A direct purchaser has standing to assert a Walker Process antitrust claim even if it does not have standing to challenge the validity of the patent.
A district court denied the defendant’s motion to dismiss for lack of standing in a suit alleging antitrust violations predicated on the enforcement of a patent known to have been fraudulently procured—i.e., a Walker Process antitrust claim. The Federal Circuit granted the defendant’s request for an interlocutory appeal on the question of “whether direct purchasers who cannot challenge a patent’s validity or enforceability … may nevertheless bring a Walker Process antitrust claim that includes as one of its elements the need to show that the patent was procured through fraud.”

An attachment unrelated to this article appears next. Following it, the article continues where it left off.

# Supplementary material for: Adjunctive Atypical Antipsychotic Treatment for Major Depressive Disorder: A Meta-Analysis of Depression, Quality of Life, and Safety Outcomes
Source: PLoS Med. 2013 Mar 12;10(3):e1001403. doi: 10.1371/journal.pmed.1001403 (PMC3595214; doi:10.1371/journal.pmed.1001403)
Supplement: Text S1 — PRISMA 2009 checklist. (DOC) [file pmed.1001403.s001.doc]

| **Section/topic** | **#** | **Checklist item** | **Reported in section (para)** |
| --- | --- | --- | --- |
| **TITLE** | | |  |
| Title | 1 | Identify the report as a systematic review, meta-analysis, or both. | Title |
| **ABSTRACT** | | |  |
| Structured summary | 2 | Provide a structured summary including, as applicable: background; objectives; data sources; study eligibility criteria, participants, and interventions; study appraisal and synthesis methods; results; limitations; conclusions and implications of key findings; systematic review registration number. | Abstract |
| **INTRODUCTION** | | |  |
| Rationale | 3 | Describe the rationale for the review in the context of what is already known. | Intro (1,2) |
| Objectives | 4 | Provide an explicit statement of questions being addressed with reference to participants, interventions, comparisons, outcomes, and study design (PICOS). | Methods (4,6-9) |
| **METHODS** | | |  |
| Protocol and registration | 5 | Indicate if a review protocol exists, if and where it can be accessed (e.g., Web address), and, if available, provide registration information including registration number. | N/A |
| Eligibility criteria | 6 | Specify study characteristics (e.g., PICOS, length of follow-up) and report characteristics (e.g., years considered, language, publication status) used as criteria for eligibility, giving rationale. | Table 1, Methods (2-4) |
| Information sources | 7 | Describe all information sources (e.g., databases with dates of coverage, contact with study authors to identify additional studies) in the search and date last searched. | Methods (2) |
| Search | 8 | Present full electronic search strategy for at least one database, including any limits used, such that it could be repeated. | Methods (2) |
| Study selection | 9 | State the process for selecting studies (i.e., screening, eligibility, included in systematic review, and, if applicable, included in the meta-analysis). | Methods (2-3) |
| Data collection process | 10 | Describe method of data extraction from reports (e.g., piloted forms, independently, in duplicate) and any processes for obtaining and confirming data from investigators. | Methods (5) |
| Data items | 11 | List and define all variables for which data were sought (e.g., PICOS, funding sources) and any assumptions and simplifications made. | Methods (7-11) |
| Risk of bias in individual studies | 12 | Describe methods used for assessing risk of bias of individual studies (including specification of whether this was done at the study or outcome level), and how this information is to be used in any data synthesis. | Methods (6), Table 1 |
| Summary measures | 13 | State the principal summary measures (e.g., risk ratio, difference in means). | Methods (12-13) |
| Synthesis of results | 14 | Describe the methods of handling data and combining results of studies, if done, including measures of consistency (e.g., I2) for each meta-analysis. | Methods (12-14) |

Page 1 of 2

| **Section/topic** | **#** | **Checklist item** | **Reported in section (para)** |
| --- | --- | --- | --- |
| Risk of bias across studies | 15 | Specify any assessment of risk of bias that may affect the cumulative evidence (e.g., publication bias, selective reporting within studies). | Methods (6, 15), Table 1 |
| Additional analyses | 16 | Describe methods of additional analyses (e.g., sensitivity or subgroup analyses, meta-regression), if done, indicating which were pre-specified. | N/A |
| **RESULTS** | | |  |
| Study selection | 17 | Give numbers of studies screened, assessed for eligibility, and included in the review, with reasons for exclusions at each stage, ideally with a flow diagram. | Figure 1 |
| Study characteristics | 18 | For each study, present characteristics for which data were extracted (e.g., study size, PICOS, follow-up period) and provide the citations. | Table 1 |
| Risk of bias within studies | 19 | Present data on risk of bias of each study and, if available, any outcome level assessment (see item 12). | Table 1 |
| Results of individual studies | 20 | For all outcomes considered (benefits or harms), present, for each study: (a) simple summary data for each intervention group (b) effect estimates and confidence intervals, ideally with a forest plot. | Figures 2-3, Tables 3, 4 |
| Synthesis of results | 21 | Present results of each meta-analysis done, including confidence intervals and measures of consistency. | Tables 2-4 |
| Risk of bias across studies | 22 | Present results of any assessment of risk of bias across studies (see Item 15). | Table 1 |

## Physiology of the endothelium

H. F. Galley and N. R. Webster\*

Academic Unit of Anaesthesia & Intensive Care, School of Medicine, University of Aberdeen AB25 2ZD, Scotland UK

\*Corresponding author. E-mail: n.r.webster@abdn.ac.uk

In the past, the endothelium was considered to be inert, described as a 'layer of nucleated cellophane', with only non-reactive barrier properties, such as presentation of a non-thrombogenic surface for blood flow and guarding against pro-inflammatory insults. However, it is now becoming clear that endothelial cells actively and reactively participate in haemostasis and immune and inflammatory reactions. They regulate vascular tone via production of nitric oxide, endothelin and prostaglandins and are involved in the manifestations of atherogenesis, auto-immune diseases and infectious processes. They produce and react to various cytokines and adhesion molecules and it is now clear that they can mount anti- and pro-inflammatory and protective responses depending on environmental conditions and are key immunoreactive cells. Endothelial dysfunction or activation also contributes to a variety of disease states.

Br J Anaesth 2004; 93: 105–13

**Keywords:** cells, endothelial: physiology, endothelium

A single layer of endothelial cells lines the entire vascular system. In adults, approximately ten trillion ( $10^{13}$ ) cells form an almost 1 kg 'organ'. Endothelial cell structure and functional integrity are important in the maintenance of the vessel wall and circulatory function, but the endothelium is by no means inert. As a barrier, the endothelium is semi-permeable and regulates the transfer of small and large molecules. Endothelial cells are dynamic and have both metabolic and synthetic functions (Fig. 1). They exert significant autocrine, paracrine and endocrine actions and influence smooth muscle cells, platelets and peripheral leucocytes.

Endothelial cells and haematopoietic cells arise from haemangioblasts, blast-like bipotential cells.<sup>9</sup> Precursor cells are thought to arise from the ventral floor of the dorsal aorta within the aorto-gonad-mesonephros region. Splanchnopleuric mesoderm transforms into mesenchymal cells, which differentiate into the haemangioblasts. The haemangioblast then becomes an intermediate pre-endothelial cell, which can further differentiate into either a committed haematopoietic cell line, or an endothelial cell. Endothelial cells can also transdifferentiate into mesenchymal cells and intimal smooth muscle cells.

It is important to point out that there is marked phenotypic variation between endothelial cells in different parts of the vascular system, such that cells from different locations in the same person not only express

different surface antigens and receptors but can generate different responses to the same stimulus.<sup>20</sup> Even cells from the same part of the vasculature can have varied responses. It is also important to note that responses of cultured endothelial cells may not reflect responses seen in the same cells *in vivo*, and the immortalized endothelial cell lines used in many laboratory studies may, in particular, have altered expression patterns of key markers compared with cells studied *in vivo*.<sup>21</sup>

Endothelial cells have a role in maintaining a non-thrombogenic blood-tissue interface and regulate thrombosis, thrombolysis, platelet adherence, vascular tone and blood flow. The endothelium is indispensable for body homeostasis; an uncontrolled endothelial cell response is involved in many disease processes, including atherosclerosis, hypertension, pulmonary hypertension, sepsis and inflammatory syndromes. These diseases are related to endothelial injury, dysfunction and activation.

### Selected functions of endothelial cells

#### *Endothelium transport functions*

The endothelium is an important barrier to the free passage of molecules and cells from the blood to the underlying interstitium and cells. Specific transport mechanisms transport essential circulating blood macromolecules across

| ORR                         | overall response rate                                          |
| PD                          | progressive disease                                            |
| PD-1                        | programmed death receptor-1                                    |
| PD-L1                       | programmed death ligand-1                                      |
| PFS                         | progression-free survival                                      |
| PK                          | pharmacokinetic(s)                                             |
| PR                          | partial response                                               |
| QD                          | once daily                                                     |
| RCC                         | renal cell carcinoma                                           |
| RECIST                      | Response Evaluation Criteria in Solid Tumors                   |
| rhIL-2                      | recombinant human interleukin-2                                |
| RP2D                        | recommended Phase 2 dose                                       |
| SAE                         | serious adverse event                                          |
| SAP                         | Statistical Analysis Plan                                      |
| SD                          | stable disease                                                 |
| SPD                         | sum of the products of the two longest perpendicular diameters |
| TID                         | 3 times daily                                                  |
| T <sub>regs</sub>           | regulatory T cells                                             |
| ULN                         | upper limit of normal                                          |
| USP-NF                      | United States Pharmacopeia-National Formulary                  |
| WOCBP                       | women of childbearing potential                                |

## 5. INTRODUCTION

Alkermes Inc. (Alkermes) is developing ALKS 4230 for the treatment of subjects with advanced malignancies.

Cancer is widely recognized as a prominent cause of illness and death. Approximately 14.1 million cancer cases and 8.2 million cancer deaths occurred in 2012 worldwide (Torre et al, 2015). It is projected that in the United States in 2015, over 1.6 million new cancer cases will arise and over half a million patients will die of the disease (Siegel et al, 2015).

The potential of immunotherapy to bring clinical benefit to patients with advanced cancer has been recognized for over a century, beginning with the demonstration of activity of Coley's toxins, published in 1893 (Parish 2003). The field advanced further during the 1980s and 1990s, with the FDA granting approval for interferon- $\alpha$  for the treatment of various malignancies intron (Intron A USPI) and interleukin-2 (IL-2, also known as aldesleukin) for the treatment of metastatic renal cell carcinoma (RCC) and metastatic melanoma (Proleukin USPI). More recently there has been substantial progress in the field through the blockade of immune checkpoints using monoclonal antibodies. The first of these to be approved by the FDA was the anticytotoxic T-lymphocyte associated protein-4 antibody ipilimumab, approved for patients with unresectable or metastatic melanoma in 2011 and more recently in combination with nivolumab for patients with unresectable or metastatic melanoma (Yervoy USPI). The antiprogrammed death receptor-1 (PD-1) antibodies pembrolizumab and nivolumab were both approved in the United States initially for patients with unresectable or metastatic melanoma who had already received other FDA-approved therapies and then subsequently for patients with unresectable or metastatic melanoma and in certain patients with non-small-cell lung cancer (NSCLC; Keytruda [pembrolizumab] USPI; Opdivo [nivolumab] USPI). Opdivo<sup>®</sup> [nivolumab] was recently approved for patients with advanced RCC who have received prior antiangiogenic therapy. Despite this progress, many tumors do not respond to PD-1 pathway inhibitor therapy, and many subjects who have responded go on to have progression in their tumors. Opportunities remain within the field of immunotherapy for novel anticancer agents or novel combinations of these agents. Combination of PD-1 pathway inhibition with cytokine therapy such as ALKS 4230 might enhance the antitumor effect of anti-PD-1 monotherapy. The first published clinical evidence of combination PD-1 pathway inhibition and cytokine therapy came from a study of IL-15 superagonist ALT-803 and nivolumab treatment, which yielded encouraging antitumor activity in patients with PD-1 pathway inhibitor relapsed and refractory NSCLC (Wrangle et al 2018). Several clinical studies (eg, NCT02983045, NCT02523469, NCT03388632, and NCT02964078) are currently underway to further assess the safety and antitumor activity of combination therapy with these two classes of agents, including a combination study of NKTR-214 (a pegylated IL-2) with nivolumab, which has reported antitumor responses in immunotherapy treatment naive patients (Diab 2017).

The Federal Circuit affirmed the district court’s decision. The panel noted that the Supreme Court’s Walker Process opinion rejected an argument similar to the defendant’s that only parties with standing to challenge the validity of a patent have standing to assert the related antitrust claim. If the patent at issue was procured by fraud, then it would not be exempt from the Sherman and Clayton Acts, and therefore would be actionable by a direct purchaser who can otherwise prove antitrust standing. In fact, direct purchasers are preferred plaintiffs in Walker Process claims because they are most directly affected by the alleged fraud. Finally, the Federal Circuit found that the demanding proof requirements of a Walker Process claim would prevent a “flood of litigation” from parties not normally able to challenge a patent’s validity.
A copy of the opinion can be found here.